I’ll find you another ocean


I had a dream last night. I don’t remember a lot of it.

I had gone on some sort of trip with my children, and we were on a college campus. I can’t remember if it was supposed to be my college (I just wrapped up my MFA program) or if it was just a place we were visiting. For some reason Anthony Hopkins was performing Shakespeare in the quad, though he often broke character and improvised with the crowd. The energy was very akin to when he was playing Loki pretending to be Odin in Thor: Ragnarok. There was a playful silliness that you don’t associate with Mr. Hopkins.

Something happened. I can’t remember what anymore, but something happened that broke my son’s heart. I think it had to do with not being able to do something that the other students were doing. My son is newly 23, but he falls on the moderate to severe end of the Autism Spectrum, so that sort of thing happens a lot. He doesn’t have a college experience, and never will. The closest he’ll ever come is the time he spent in VOICE and Project SEARCH (life skills programs that teach developmentally disabled students job skills, how to cook for themselves, how to shop for themselves, and so on). He was so happy there. It’s a shame it couldn’t go on for longer.

Anyway, back to the dream. My son gets upset and takes off, and my daughter and I are chasing after him. We followed him through halls and dorms, and to a place where a river met the sea. And he was just there, crying in front of the river as it blocked his path, unable to reach the sea.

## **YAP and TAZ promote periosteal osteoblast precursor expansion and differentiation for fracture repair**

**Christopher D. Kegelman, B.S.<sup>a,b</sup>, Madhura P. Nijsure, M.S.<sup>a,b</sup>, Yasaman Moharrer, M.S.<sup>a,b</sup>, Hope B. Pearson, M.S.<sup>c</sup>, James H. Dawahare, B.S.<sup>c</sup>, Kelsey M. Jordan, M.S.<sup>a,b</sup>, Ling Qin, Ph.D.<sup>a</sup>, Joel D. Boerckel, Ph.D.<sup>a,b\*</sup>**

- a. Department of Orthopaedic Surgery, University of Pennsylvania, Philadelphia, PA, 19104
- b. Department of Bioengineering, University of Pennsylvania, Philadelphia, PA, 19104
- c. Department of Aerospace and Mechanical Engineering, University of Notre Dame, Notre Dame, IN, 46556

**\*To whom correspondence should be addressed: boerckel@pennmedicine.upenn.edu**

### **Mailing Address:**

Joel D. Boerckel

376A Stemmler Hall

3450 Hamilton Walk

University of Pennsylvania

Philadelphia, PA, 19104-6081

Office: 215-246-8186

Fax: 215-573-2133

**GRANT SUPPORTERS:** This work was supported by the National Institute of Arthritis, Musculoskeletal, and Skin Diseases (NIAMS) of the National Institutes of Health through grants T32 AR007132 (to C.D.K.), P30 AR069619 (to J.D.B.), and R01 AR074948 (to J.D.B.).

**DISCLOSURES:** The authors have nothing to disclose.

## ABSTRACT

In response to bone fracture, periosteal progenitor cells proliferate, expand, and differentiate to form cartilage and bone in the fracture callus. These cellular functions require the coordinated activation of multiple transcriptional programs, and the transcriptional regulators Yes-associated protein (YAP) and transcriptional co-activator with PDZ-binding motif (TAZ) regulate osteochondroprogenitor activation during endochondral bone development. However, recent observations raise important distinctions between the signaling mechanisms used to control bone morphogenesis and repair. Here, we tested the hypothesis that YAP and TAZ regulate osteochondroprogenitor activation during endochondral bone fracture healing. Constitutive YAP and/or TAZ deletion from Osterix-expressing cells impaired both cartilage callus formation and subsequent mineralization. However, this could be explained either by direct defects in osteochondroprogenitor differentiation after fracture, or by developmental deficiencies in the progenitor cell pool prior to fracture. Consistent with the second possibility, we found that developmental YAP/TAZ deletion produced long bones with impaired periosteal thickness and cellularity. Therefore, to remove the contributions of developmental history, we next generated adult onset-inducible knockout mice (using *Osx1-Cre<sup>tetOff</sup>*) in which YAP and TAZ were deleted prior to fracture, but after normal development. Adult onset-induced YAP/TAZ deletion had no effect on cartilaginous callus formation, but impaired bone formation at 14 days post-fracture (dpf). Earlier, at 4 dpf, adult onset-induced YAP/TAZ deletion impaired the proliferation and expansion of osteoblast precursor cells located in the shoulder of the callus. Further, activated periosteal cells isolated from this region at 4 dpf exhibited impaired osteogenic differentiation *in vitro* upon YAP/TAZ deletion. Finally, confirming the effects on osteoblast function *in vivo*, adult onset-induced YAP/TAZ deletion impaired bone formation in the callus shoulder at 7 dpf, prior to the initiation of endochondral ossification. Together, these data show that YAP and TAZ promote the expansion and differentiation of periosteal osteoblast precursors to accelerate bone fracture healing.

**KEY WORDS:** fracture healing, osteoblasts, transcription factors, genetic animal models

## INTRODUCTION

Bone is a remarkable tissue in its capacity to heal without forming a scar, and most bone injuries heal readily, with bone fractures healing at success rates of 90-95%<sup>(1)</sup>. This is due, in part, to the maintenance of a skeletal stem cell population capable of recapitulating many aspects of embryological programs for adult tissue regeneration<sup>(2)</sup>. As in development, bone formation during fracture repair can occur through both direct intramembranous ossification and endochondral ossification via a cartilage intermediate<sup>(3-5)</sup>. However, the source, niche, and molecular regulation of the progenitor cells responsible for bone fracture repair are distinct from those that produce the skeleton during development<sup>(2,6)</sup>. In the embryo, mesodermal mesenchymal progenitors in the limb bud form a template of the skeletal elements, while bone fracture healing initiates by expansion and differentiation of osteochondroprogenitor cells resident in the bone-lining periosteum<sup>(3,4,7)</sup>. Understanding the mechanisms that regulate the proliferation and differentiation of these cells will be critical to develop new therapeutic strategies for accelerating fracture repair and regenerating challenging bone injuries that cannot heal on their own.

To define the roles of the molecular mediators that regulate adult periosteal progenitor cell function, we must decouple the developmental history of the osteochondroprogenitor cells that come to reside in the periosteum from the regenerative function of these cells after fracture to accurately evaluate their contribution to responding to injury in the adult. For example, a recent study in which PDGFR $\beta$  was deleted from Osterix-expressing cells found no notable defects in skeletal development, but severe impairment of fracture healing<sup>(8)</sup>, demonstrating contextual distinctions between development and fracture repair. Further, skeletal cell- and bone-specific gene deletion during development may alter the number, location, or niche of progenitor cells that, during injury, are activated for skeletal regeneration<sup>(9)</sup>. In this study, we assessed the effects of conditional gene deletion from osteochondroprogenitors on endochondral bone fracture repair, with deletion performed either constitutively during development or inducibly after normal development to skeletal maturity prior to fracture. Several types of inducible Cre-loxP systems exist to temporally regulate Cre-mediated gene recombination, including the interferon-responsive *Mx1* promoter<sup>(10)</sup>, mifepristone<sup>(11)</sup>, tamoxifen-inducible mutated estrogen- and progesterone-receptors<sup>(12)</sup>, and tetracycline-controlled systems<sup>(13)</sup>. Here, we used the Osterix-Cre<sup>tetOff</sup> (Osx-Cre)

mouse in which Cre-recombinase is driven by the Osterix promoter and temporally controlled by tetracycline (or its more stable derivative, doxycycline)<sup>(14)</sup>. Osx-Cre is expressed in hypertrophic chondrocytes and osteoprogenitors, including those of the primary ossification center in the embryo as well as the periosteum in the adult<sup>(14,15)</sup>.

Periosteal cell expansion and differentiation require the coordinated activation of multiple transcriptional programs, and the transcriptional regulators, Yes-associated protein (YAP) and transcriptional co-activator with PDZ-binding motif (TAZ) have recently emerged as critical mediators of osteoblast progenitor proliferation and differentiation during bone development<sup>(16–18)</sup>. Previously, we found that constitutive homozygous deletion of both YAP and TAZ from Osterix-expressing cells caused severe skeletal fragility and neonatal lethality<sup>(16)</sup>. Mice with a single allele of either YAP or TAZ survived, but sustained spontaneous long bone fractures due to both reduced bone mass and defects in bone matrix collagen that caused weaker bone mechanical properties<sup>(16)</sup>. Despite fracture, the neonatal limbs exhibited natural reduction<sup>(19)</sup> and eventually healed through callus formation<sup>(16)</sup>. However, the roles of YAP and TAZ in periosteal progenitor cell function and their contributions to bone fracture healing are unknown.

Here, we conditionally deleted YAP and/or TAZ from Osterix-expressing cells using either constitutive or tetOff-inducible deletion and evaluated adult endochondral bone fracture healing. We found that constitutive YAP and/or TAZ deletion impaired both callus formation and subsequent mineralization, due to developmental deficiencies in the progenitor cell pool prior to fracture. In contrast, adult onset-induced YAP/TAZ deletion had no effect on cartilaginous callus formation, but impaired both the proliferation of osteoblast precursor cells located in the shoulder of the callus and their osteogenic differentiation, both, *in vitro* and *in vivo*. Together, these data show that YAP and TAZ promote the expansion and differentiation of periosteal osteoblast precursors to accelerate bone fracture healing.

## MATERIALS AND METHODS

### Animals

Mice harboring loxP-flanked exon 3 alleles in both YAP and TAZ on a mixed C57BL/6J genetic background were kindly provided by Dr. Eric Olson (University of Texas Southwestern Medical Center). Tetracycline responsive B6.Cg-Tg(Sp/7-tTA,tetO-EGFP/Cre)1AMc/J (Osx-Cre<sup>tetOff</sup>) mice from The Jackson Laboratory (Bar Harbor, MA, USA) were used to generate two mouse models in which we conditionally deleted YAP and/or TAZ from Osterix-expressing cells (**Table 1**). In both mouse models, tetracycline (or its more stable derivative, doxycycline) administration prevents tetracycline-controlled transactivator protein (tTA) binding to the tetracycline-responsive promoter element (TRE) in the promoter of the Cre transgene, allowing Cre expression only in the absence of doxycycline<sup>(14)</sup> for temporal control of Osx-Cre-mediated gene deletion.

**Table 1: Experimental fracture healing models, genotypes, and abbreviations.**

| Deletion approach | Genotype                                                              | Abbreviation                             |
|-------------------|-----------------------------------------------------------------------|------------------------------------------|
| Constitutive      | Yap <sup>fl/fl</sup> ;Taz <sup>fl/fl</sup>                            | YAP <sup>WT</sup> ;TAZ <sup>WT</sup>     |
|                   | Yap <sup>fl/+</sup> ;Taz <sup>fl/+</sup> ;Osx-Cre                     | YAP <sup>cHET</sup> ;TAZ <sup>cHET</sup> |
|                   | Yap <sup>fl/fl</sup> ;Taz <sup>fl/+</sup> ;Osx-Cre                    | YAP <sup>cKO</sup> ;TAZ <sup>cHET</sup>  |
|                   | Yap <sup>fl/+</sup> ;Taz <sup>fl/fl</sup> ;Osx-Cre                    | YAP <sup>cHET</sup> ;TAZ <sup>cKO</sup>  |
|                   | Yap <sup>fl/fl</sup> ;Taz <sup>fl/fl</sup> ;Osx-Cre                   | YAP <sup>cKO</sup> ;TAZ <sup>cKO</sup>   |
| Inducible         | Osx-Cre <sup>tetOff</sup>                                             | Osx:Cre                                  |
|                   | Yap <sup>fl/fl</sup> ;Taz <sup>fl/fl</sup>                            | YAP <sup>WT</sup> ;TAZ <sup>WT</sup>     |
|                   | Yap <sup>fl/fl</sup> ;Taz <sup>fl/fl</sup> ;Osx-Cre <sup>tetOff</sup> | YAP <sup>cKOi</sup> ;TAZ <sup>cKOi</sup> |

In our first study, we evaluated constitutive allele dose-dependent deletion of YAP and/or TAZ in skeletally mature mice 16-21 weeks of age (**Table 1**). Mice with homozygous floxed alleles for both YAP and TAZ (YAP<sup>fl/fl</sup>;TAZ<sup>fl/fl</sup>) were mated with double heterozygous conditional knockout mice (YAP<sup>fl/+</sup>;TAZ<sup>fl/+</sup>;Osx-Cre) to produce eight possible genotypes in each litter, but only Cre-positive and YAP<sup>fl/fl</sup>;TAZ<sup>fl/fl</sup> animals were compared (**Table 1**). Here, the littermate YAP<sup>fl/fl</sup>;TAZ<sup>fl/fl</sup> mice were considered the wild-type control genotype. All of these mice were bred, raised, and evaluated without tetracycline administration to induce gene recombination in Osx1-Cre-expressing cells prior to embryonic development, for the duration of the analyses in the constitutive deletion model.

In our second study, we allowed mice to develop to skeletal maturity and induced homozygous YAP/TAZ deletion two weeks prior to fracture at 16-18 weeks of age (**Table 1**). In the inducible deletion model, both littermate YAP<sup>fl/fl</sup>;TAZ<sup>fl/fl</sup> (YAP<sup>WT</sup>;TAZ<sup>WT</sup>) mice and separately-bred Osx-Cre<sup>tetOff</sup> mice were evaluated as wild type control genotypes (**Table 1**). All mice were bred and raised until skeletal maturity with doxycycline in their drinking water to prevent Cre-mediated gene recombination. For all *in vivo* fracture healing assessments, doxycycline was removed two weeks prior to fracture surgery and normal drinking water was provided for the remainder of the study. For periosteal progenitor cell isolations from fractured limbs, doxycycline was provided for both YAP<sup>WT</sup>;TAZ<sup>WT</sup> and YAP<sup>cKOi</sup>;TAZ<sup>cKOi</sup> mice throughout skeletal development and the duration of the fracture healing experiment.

I can’t remember why it was so important, and I can’t remember what all we said or how we comforted him, all I remember is holding him and saying, “I’ll find you another ocean” as he cried in my arms. I woke up just after, my heart heavy, and have been unable to completely shake the sadness from my dream as I’ve gone about my day.

The kids at the Leaky Cauldron, summer of 2022

What had stuck with me, though, is the surety that I will never stop finding places where my son can be himself. I will never stop inviting all of my friends to his birthday parties so that he has people there celebrating him. I will keep buying him whatever absurd thing makes him happy and I don’t care if people think he’s “too old” for his Pokémon fixation (though I know people twice his age still obsessed with the IP, so the world can calm down). I will carve out a place in this world where he is loved and cherished and do my best to find a way he can do anything his heart longs for.

I will find him another ocean.

The Problem with Colorado Springs


This piece was written in February of this year, and I’ve been debating what to do with it. I considered sending it in to literary magazines, but I also didn’t really want to work on it any more (I know, sounds awful, but there’s a lot of emotion in this piece, and coming back to it was extra work). Some of the feelings in this piece have shifted (the house is no longer half under construction, we’re starting to settle in, things are getting better), but a lot of them are the same. Still don’t like it here very much. Still feel my heart ache when I think about our old home. Still don’t know when or if we’ll ever make it back to the PNW.

“I’m looking for lucky money envelopes? The red ones. For the Lunar New Year.” When the woman stares back at me blankly, I sigh. “Chinese New Year?”

And suddenly the woman at Hallmark knows what I’m after. She leads me to the tiny (four slots, two rows) section, and explains that another woman came in and cleared out their greeting cards but left four packs of the money envelopes.

I hate this place.

Well, no, that’s not entirely fair. I hate living in this place. I liked it just fine when I was visiting a couple times a year and could just laugh at how backwards it could be for such a large city, how deluded the city council was about the area being “metropolitan,” and how it was so removed from everything I’d come to love about my home near Seattle. My home that…is now someone else’s home.